{11} The Court of Appeals has already addressed the issue of exhaustion and constitutional challenges to a tax, and held that it was mandatory to follow the administrative procedures of Section 7-1-22 before questioning the constitutionality of a tax in court. Neff, 116 N.M. at 243, 861 P.2d at 284. In Neff, the Court of Appeals followed the reasoning of the U.S. Supreme Court in Fair Assessment in Real Estate Ass’n. Inc. v. McNary, 454 U.S. 100, 102 S.Ct. 177, 70 L.Ed.2d 271 (1981), which examined the requirements for a taxpayer’s challenge to the administration of a state tax on constitutional grounds. “Such taxpayers must seek protection of their [constitutional] rights by state remedies, provided of course that those remedies are plain, adequate, and complete.... ” McNary, 454 U.S. at 116, 102 S.Ct. 177. Respondents argue that the Tax Administration Act should not require individual taxpayer pursuit of remedies when the dispute is over the constitutionality of the tax, and when the purposes of exhaustion, such as notice to the Department or development of a factual record, would not be served. Although the Court of Appeals in this case found that satisfaction of the “purpose and intent” of the exhaustion requirement was enough, we disagree. We note that Section 7-1-22 does not differentiate between instances when the purposes of exhaustion would be served and when it would not, but instead plainly insists that no court will have jurisdiction except as a consequence of an administrative appeal or a claim for a refund. “[I]f the meaning of a statute is truly clear, it is the responsibility of the judiciary to apply it as written and not second guess the legislature’s policy choices.” Derringer v. Turney, 2001-NMCA-075, ¶ 8, 131 N.M. 40, 33 P.3d 40 (internal quotations and citations omitted). We are bound by the plain meaning rule, which requires a court to give effect to the statute’s language and refrain from further interpretation when the language is clear and unambiguous. Sims v. Sims, 1996-NMSC-078, ¶ 17, 122 N.M. 618, 930 P.2d 153 (citation omitted). Unless a statute violates the Constitution, “[w]e will not question the wisdom, policy, or justness of legislation enacted by our Legislature.” Madrid v. St. Joseph Hosp., 1996-NMSC-064, ¶ 10, 122 N.M. 524, 928 P.2d 250. Therefore we reject the concept of vicarious exhaustion under Section 7-1-22 because the plain meaning of the Tax Administration Act requires individual taxpayer exhaustion of administrative remedies before the constitutionality of a tax may be challenged in court.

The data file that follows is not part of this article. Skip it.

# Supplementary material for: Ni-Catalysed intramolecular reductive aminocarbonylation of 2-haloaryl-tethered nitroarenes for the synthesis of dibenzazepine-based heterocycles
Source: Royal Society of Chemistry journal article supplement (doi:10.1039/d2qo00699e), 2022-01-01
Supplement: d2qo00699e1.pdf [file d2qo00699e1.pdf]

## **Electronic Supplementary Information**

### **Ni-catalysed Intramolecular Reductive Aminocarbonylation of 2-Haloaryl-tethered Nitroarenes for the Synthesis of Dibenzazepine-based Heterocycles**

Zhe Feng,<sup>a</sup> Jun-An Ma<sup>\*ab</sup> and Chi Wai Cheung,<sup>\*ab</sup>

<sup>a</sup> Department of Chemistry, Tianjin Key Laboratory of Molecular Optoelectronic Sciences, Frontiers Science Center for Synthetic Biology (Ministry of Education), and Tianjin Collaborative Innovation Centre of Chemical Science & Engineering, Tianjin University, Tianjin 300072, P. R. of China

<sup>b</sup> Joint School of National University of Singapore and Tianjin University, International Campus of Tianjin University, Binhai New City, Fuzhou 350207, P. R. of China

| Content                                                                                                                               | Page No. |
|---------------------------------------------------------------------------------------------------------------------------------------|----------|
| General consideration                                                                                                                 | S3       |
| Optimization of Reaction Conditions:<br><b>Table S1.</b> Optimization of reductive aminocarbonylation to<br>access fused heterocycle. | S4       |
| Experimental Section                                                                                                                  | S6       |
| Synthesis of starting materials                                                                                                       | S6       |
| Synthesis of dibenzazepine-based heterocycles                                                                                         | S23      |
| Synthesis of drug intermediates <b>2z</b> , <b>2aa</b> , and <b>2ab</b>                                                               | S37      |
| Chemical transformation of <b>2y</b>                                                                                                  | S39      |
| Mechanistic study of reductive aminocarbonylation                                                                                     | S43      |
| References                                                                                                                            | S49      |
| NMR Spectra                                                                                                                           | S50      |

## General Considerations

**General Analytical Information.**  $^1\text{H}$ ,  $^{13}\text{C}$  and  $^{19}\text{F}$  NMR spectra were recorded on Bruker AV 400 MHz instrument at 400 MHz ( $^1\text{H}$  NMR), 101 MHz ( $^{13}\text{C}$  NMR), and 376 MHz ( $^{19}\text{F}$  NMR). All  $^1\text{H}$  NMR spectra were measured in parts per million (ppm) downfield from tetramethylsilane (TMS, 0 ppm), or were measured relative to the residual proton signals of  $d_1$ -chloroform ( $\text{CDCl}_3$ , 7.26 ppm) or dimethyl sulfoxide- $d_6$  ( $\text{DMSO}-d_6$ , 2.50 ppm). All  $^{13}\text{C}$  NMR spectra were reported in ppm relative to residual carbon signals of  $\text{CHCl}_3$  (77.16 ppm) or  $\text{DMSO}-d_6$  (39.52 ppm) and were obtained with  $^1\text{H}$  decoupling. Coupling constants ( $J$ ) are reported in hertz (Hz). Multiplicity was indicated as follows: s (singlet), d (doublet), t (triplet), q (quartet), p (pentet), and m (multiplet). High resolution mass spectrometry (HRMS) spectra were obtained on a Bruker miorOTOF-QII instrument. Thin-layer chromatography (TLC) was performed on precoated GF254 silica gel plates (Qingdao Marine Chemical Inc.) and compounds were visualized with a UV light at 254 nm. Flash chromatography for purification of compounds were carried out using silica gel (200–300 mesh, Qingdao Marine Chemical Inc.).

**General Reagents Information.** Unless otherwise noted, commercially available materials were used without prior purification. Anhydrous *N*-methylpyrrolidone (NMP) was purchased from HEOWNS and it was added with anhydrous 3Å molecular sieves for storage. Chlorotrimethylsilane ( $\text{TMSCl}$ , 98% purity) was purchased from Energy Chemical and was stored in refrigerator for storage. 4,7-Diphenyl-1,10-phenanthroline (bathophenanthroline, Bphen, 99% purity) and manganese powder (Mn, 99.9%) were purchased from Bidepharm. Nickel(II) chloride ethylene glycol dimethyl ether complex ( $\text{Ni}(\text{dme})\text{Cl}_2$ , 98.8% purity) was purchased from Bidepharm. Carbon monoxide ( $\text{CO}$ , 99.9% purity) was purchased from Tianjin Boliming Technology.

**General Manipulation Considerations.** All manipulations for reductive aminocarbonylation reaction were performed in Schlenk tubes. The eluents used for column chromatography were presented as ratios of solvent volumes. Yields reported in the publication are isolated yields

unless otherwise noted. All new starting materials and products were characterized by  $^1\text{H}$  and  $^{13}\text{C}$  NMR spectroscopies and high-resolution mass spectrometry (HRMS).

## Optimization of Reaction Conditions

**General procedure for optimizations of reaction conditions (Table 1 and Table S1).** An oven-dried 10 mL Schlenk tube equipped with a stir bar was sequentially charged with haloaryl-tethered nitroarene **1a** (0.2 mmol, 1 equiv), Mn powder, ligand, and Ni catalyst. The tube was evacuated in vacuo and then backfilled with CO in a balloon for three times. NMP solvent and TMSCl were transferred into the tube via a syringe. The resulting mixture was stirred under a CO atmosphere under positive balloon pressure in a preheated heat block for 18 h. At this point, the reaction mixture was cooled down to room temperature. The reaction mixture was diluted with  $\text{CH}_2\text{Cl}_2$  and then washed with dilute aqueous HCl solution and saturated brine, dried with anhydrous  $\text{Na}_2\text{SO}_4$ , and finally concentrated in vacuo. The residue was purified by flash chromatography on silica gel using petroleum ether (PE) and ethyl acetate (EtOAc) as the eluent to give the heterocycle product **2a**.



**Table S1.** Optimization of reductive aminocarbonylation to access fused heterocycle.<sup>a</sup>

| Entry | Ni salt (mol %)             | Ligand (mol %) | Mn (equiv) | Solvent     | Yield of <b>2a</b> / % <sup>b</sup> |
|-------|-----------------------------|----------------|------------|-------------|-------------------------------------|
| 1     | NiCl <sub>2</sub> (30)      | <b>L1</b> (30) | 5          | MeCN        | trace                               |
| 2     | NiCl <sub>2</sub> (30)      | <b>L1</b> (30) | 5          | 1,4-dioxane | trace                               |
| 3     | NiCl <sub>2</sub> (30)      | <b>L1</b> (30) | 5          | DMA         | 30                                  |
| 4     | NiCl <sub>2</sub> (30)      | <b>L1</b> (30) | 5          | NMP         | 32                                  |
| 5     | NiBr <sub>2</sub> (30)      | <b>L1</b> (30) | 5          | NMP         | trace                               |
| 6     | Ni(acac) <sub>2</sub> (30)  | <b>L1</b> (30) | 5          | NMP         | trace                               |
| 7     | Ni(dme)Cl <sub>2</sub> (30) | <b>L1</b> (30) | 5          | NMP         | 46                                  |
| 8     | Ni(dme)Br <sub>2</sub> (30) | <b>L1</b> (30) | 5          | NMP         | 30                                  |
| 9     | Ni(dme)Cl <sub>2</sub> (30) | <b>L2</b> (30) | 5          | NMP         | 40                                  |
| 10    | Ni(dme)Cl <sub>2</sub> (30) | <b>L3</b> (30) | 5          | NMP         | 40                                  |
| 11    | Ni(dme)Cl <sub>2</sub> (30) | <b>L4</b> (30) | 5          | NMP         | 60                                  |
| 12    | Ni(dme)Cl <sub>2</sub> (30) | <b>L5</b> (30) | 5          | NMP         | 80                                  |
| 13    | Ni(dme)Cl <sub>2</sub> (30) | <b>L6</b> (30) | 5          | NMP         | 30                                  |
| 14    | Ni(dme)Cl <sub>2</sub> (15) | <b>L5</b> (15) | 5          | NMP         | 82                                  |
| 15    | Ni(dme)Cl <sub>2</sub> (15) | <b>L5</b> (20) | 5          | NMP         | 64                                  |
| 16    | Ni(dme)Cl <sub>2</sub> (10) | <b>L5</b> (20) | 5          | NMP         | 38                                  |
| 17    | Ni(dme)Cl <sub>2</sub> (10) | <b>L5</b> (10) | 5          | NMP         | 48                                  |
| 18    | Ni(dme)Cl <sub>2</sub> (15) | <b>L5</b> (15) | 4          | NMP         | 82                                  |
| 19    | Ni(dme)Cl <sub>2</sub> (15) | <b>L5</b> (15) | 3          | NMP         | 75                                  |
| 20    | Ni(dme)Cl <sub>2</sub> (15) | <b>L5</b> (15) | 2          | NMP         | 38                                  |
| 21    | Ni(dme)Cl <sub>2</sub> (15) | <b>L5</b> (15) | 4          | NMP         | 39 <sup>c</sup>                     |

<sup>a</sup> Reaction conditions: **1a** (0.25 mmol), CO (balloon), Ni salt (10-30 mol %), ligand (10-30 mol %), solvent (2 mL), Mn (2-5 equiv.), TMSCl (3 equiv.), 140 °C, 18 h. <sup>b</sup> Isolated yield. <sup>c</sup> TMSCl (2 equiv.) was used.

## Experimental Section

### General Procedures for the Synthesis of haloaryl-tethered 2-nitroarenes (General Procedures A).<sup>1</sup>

{12} Furthermore, in the context of a claim for a tax refund and the exhaustion requirements of Section 7-1-22, we find that the “futility” doctrine advanced by the Court of Appeals has no force. Although it is true that in contexts other than the Tax Administration Act we have stated that exhaustion of statutory remedies was not required when futile, see, e.g., State ex rel. Norvell v. Credit Bureau of Albuquerque, Inc., 85 N.M. 521, 529, 514 P.2d 40, 48 (1973) (exhaustion of remedies not required when administrative tribunal clearly lacks jurisdiction or when exhaustion would be vain and futile), we are unable to find any circumstances where we have found futility of exhaustion to be an appropriate excuse for bypassing a clear statutory directive, such as found in this case. See Neff, 116 N.M. at 244, 861 P.2d 281 (taxpayer must comply with exhaustion of remedies doctrine); Chavez v. City of Albuquerque, 1998-NMCA-004, ¶ 14, 124 N.M. 479, 952 P.2d 474 (exclusive administrative remedy is one which provides for “plain, adequate, and complete means of resolution through the administrative process to the courts”); Shepard v. Bd. of Educ. of Jemez Springs Mun. Schools, 81 N.M. 585, 586, 470 P.2d 306, 307 (1970) (mandamus proper remedy only after petitioner exhausted adminis*594trative remedies); McDowell v. Napolitano, 119 N.M. 696, 700, 895 P.2d 218, 222 (1995) (exhaustion of administrative remedies is absolute when a claim is first cognizable by administrative agency, and judicial interference is withheld until administrative policy has run its course); Derringer, 2001-NMCA-075, ¶ 14, 131 N.M. 40, 33 P.3d 40 (statute requiring post-decision hearing before state engineer comports with principle that a party is required to pursue available administrative remedies before resorting to courts for relief); Smith v. Southern Union Gas Co., 58 N.M. 197, 199, 269 P.2d 745, 747 (1954) (legislature has not taken away jurisdiction from courts, but has postponed jurisdiction until Department has acted on the complaint). We note with approval the Supreme Court of Vermont’s treatment of the futility and exhaustion doctrines: